History of the New York Institute of Technology
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The founders of New York Institute of Technology, and in particular Alexander Schure, Ph.D., started the college with the purpose of creating a career-oriented school that focused on giving students the training necessary to succeed in their chosen careers. New York Institute of Technology began in operations in 1955 in New York City with only nine students. Schure served as New York Institute of Technology's first president.
The function of higher education was highly debated at the time. There was growing concern that American schools and colleges were failing to meet critical national demands, particularly the need for scientists, engineers, and high-level technicians. This anxiety, in turn, generated another concern – fear that humanities studies would become overshadowed by an emphasis on science and engineering.
NYIT's first administrators created a balance, a coexistence of career training and liberal arts education.
Leaders of the college took an early stand, committing NYIT to a policy of access. In addition to opening its doors to high school graduates who wanted to attend, NYIT created an extensive range of student services to help ensure the college's success.
The career-focused mission of the school and its "access to opportunity" mission were well received in the marketplace, resulting in rapid enrollment growth. By the 1958–1959 academic year, NYIT had more than 300 students and the time had come to expand its physical operations.
In April 1958, the college purchased the Pythian Temple at 135-145 W. 70th St. in Manhattan for its main center. NYIT's original Brooklyn location soon became home to the college's division of general studies. The Manhattan building, adjacent to the planned Lincoln Center for the Performing Arts, was an ornate 12-story structure with a columned entranceway. Built in 1929 at a cost of $2 million, it included among its features a huge 1,200-seat auditorium.
Also in 1958, New York Institute of Technology sponsored the first National Technology Awards, created by Frederick Pittera, an organizer of international fairs and a member of the NYIT Board of Trustees, to help raise funds for NYIT science and technology laboratories. The awards, held at the Waldorf-Astoria Hotel, were attended by several hundred guests, with entertainment provided by the U.S. Air Force Band. 36th President of the United States Lyndon Johnson was the keynote speaker. His speech was broadcast nationally by the ABC Radio Network. Among the honorees were Dr. Wernher von Braun and Major General Bernard Schriever, Commanding General of the Ballistic Air Command. Photos, press clippings, and audio tapes of the event are on view at the Lyndon Johnson Library at Austin, Texas.
In 1960 NYIT received a provisional charter from the Board of Regents to operate as a four-year college with the ability to grant bachelor's degrees. (The permanent charter was granted in 1962.)
In the early 1960s, enrollment was already reaching 1,500 students, and it was time to look for a bigger campus. A temporary site in Syosset, N.Y., was opened while school officials searched for a permanent home. Many prospective sites were examined before the officials decided on one of Long Island's most famous properties – a 280-acre (1.1 km²) tract of the Cornelius Vanderbilt Whitney estate in Old Westbury. Later, the college would acquire a number of neighboring properties in Brookville and Old Brookville, joining together more than 700 acres (2.8 km²) of the fabled stretch of Gold Coast estates that thrived on Long Island's North Shore during the Roaring '20s. Half of New York Institute of Technology’s 1,050 acres Old Westbury campus is located in the Village of Brookville. Many estate buildings and stables were renovated into classroom space. The School of Architecture and Design, for example, is housed in what was once Cornelius Vanderbilt Whitney's state-of-the-art chicken coop. Feathers and manure were once burned in underground ovens behind the structure, and the smell from this furnace occasioned many complaints from adjoining estates. In 1924 Violet Doyle, the daughter of a local blacksmith, contracted typhus and died after drinking water from a contaminated well near the building. A lawsuit resulted, and the building was left vacant until NYIT repurposed it as classrooms in 1965.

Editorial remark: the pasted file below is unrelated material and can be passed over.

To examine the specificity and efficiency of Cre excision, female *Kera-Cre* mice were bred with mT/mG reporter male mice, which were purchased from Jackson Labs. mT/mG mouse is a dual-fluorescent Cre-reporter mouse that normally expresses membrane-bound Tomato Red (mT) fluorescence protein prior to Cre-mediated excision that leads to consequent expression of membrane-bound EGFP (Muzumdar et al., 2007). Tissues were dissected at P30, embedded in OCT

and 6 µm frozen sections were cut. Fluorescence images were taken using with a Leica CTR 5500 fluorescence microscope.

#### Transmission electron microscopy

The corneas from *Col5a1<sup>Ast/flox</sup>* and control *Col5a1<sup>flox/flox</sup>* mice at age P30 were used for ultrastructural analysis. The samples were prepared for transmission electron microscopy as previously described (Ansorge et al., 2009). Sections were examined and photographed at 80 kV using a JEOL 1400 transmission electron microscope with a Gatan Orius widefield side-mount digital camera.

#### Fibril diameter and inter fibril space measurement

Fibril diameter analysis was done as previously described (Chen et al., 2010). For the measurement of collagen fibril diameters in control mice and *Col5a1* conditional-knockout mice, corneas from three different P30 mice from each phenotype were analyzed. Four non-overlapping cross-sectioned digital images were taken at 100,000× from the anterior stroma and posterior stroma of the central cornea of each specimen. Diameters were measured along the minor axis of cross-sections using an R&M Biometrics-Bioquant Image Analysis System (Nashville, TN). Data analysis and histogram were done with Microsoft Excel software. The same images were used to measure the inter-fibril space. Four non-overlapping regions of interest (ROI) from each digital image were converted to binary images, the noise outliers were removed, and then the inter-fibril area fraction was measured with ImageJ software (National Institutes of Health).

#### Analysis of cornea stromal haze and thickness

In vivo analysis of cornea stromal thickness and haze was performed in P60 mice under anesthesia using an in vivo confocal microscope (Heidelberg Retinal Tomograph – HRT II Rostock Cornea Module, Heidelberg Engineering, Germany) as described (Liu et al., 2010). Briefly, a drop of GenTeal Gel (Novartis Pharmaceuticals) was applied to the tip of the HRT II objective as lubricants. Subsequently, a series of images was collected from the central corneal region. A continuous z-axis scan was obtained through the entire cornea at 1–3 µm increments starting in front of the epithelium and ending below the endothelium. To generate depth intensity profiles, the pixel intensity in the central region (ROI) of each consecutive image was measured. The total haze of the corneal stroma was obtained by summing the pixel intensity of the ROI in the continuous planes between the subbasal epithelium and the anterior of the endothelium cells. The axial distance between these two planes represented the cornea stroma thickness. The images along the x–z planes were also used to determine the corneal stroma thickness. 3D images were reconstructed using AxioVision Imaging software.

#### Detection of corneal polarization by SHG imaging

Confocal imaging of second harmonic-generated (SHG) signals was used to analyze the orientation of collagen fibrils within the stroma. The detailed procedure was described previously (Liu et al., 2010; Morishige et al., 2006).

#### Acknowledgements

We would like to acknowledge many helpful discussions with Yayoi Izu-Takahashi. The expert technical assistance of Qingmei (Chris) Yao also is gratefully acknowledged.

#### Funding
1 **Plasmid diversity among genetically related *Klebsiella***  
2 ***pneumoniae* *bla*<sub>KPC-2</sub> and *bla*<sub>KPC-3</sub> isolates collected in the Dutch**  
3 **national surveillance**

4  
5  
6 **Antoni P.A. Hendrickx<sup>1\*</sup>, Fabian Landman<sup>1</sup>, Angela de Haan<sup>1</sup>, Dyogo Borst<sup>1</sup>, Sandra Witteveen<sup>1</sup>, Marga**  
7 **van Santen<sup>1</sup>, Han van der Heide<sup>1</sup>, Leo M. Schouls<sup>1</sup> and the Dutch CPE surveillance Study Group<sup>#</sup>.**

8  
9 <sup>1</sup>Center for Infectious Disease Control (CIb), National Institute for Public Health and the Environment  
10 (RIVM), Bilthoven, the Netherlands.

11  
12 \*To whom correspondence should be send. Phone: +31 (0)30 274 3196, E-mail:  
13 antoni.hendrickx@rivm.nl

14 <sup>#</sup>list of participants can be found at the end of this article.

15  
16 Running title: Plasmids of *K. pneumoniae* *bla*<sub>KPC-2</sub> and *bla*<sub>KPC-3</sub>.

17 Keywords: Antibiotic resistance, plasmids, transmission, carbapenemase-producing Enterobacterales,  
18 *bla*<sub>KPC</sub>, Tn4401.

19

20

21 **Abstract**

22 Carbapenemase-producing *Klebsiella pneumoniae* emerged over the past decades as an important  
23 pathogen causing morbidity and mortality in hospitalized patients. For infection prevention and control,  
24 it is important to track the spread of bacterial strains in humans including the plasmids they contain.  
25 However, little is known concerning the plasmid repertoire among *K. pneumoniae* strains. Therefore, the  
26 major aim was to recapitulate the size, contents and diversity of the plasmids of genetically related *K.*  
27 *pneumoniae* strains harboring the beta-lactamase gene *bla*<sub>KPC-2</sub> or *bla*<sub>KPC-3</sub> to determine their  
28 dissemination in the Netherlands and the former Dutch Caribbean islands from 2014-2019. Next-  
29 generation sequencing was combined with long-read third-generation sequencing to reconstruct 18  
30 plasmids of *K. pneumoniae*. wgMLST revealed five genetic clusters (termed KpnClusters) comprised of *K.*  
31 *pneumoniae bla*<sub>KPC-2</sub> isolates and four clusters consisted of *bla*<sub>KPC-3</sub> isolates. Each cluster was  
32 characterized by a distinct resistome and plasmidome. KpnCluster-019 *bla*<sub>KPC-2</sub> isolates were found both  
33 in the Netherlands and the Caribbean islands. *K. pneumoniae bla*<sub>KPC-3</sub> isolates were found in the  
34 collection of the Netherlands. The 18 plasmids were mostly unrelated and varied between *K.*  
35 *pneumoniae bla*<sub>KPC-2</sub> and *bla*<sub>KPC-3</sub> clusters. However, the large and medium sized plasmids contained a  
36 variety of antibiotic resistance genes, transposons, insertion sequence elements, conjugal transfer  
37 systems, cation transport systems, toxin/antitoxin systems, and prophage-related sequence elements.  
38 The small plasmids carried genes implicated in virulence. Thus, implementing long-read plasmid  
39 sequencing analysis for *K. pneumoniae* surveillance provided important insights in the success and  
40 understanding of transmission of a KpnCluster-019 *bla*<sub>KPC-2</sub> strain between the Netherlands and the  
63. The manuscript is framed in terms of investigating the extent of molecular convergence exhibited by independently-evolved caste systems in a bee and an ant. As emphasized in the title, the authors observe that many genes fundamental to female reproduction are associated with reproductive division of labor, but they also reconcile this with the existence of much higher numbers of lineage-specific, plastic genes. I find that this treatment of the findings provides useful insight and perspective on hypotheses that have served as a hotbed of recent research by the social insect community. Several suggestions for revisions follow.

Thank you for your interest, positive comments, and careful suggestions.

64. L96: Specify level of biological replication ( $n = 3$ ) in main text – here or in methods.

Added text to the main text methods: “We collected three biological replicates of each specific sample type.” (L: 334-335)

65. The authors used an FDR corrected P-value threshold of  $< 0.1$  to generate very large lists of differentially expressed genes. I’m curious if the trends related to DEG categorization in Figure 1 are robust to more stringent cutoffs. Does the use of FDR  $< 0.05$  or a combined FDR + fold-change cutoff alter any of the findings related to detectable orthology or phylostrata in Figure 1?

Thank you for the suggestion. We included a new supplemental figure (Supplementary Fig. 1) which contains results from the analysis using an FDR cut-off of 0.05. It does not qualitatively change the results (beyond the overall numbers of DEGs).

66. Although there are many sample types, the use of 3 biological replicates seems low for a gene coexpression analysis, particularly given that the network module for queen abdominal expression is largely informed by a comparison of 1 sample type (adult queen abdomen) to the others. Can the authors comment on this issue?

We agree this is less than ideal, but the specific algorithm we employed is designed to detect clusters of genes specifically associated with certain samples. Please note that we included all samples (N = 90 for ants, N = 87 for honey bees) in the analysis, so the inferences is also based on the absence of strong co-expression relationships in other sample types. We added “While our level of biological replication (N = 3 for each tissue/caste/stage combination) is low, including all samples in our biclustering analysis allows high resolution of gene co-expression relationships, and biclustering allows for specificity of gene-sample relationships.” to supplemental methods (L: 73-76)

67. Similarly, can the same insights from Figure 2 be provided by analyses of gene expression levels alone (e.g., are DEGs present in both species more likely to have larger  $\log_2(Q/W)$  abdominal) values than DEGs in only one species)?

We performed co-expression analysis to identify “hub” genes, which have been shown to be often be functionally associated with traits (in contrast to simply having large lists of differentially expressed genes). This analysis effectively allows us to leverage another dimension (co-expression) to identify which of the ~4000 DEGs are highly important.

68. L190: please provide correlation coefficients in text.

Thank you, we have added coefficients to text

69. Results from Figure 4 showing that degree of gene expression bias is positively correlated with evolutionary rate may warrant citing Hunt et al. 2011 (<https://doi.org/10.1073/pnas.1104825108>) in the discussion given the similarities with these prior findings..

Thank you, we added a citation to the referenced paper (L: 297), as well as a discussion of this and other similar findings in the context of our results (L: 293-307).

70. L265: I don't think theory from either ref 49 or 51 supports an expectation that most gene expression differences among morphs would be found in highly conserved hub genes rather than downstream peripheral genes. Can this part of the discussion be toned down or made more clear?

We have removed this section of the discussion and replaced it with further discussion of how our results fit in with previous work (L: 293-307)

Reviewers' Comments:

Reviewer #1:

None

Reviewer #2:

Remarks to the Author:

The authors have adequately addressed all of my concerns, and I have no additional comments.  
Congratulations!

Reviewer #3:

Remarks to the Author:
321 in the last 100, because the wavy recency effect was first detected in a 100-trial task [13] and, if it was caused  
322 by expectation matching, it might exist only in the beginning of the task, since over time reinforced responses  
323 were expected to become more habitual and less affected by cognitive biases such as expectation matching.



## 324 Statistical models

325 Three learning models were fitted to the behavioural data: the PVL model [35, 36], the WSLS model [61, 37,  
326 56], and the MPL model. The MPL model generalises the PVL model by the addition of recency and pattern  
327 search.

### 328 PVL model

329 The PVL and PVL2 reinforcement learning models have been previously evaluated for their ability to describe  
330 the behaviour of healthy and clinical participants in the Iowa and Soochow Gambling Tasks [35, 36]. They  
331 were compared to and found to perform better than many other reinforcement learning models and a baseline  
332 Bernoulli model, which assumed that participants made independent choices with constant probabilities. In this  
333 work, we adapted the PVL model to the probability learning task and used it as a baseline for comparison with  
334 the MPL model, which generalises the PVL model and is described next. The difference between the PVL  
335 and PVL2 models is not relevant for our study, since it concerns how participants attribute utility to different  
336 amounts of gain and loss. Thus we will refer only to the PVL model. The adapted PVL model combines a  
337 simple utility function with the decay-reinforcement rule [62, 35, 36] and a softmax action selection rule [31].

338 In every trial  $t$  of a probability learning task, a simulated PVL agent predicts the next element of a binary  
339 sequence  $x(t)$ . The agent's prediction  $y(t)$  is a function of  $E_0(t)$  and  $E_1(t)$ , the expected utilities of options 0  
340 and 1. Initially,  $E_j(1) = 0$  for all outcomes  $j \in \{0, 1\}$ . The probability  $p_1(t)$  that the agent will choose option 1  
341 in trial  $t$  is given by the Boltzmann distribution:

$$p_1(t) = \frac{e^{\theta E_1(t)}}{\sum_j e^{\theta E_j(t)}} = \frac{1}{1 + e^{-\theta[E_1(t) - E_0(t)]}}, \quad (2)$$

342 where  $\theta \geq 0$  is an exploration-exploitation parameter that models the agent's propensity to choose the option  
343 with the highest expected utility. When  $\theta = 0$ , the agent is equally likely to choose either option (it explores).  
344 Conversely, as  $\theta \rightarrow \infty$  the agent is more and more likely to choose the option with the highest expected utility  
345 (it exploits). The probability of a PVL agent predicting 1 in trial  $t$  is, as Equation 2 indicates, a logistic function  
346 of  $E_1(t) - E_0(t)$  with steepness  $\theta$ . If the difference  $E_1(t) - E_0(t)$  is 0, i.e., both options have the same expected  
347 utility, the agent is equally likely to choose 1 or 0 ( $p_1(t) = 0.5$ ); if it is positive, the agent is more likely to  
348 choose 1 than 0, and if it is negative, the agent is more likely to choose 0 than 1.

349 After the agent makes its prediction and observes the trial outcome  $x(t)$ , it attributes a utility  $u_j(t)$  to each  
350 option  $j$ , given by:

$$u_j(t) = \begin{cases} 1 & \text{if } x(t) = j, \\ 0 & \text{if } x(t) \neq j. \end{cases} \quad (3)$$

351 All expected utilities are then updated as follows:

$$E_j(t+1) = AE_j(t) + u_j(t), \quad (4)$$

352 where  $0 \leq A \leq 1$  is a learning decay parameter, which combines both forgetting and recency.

Thirty-five hundred students attended NYIT in fall 1965, an increase of 1,000 over the previous year. More importantly, the college's enrollment figures now included students from other states and countries.
The young college quickly became a leader in using educational technology. With the help of a grant from the Carnegie Corporation of New York, the school set out to develop an automated, self-instructional engineer training system. "When the system [is] completed," the foundation said in its 1964 annual report, "it may serve as a model for other engineering technician programs throughout the country, offering one … solution to the severe manpower and teacher shortage in the field."
NYIT was also building a reputation for research in other areas. In 1965, an applied-research laboratory was established to bring the full resources of the faculty and its facilities to bear on the solution of important technology problems for government and industry.
Long before personal computers were invented, NYIT was involved in efforts to use mainframes as a teaching tool. The institute received its first computer, donated by the CIT Financial Corporation, in 1965. Three years later, the college received two grants totaling approximately $3 million from the federal government – one to develop a system of individualized learning through the use of computers; the other to develop a computer-based course in general physics for midshipmen at the United States Naval Academy in Annapolis, Md.